JONATHAN CHAIT DECEMBER 22, 2010
The Weekly Standard's Jay Cost continues to crusade against the idea that demographic trends are slowly making the electorate more amenable to Democrats:
You see this over-confidence in subtle ways, most notably in what I would call the left's demographic category error -- whereby liberal analysts lump Hispanics, African-Americans, Asians, etc. into a "Non-White" category, which is then implicitly assumed to be a uniformly Democratic bloc. In response to the Census report, that's exactly what Christopher Beam of Slate does in this article, when he concludes:
Does that mean the country will become permanently Democratic? Of course not. Both parties will adjust to accommodate the shifting demographics. But Republicans will be playing catchup. The GOP will inevitably become more amenable to immigration reform, gay marriage, and separation of church and state, as their constituencies become more Hispanic, educated, and godless, respectively. Hispanics may not support Democrats forever—in 2004, about 40 percent voted for Bush—and some young Democrats will become old Republicans, but the blue team will have a lead.
Beam is following the basic script -- key Democratic groups, "non-white voters," college educated women, college kids, etc., are growing, so sooner or later the Democratic positions are going to win out.
I've addressed this broad argument several times before (see here, here, and here, for instance), so today I would just like to focus on this specific notion of the "non-white" bloc as it relates to the latest Census results, particularly to Texas, which is picking up four new House seats. I cannot state matters more plainly: Hispanic voters do not vote like African-American voters. The latter constitute a core Democratic group that systematically breaks 90:10 against the GOP, regardless of the political environment. Hispanic voters, on the other hand, comprise a swing group that currently tilts Democratic, but Republican candidates who are careful and considered in their appeals can make significant inroads into the Democratic margin. ...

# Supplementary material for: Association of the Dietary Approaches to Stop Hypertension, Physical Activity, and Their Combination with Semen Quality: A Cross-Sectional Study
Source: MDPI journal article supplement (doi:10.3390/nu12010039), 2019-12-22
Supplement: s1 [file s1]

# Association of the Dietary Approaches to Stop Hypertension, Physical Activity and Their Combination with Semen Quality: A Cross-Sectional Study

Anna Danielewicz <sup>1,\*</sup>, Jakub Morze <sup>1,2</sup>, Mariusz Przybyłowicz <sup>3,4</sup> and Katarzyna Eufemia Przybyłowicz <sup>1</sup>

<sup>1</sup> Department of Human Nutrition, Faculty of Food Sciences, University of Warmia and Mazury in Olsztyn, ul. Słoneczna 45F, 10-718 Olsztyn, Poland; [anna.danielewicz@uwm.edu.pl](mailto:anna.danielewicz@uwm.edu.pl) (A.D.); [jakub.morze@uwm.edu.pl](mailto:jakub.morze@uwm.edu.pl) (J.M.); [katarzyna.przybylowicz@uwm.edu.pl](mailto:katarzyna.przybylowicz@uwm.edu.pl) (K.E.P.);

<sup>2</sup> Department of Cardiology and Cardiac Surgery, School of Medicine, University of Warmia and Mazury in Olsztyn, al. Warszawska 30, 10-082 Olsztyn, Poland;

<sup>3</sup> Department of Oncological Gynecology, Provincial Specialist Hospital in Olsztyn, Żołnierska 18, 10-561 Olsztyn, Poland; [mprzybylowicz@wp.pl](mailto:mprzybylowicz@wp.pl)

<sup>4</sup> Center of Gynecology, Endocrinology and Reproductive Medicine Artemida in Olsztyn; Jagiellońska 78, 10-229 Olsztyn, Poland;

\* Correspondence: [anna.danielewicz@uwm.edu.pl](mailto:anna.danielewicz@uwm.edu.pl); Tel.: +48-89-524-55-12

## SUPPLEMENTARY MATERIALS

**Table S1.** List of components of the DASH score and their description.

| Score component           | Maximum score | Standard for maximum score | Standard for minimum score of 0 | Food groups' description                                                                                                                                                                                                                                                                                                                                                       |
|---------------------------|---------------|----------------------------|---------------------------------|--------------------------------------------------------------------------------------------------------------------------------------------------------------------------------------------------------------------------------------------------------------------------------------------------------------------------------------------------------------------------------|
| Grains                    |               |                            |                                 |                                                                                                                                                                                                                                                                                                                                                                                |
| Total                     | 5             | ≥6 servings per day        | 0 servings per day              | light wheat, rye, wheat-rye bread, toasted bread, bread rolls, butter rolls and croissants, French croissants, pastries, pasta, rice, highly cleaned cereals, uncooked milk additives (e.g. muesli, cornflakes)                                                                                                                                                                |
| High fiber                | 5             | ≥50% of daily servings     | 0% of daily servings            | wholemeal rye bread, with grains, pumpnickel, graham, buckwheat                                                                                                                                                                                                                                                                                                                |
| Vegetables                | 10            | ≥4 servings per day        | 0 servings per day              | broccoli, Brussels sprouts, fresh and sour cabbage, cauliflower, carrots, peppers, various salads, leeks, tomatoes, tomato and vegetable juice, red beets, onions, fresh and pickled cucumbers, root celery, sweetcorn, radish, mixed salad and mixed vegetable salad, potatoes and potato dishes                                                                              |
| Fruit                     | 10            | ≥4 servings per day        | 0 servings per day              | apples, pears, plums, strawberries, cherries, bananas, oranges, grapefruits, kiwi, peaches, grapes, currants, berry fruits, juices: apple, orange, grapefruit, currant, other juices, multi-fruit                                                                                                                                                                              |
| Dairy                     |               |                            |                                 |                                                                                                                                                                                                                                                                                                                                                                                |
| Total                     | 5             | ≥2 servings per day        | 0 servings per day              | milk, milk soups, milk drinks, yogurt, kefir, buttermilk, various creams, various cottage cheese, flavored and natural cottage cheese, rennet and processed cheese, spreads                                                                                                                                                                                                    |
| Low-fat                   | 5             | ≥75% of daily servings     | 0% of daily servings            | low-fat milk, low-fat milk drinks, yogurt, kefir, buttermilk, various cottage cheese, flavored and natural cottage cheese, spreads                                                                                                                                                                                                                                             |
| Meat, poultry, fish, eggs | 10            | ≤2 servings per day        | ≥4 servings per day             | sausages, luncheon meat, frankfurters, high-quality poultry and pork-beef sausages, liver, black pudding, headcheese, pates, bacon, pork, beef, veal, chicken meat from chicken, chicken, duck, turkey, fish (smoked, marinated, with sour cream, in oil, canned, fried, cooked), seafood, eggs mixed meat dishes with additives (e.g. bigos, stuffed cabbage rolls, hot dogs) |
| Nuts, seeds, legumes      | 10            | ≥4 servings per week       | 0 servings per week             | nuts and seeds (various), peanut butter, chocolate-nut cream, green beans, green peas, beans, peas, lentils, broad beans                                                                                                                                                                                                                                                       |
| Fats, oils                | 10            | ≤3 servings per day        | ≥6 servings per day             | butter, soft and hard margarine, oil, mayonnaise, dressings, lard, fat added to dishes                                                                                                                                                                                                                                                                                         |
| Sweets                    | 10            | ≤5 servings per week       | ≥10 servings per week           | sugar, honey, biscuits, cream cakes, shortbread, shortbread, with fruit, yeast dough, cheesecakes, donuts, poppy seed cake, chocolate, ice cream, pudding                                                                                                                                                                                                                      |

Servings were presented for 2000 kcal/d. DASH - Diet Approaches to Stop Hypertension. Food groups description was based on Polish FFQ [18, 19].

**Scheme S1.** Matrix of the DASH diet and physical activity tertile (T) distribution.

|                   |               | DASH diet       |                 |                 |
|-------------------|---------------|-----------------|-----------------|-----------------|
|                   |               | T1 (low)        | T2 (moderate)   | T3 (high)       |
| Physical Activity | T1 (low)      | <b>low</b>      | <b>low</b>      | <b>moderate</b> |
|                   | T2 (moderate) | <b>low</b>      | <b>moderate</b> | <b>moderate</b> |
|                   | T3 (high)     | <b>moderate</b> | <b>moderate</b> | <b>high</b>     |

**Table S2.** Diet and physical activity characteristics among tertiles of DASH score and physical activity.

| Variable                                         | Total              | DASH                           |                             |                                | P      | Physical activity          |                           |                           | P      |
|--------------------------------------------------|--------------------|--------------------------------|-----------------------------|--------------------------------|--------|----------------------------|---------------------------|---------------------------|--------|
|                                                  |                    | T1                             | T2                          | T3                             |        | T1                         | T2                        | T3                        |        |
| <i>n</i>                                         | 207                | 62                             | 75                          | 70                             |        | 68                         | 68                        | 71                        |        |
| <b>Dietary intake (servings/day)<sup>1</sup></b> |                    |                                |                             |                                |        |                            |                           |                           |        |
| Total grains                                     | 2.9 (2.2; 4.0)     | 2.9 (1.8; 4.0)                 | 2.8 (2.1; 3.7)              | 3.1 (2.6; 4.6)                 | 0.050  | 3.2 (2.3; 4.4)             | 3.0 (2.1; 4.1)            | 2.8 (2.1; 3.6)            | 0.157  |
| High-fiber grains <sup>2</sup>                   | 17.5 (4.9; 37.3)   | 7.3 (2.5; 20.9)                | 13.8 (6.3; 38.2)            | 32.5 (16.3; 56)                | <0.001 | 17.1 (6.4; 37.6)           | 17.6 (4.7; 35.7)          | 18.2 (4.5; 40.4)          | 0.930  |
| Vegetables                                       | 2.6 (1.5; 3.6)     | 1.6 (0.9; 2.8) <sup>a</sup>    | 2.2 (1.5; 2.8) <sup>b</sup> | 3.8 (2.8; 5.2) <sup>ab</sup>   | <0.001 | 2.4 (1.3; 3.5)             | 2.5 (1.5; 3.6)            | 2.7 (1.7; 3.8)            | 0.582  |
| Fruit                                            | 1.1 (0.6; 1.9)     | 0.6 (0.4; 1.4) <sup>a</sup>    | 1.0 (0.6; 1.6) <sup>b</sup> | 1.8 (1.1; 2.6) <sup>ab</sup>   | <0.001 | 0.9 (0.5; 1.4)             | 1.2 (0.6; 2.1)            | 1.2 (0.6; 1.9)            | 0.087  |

It's worth mentioning another difference between Hispanics and African-Americans -- the latter group is uniformly Democratic across the whole country. African Americans who live in the rural South are overwhelmingly Democratic, so are those who live in the big cities in the North. Yet Hispanics are much more heterogeneous. You see above, for instance, the strength that Republican candidates have with Hispanics in Texas, and you could make a similar point about Florida. To these states we could also add New Mexico, where you really cannot win statewide without substantial Hispanic support, as well as Colorado, where John McCain won 38 percent of Hispanic voters in 2008. But Republicans do notably worse with Hispanics in California, and they are also weak with urban Hispanic voters in big Northern cities like Chicago and New York. In none of these states can the GOP reasonably expect to crack 30 percent of the Hispanic vote. Nevada, meanwhile, is a state where the GOP is slipping among Hispanics; Bush carried 39 percent of the Hispanic vote in 2004, but Sharron Angle won just 30 percent in 2010.
I don't really follow Cost's argument here.
He's refuting the notion that Hispanics are a 90% Democratic voting bloc like African-Americans. But nobody, including the foil he quotes, makes that claim.
Meanwhile, Cost's own numbers show that Democrats have been winning Hispanics by large margins -- even the states where he cites Republican "strength" among Latino voters are states where Democrats carry the Latino vote by a mere 20 points. The scope of those margins may fluctuate, but the basic fact is that Hispanics are a pretty strongly pro-Democratic voting group.
It's possible Republicans will increase their share of the Latino vote, but it's also possible that, as they continue to take hard-line policies on illegal immigration, they'll decrease their share. It's also possible that Republicans will increase their share of the black vote. Always in motion is the future. The overarching point seems to be that Latinos vote much more Democratic than the electorate as a whole, and their share of the electorate is steadily increasing.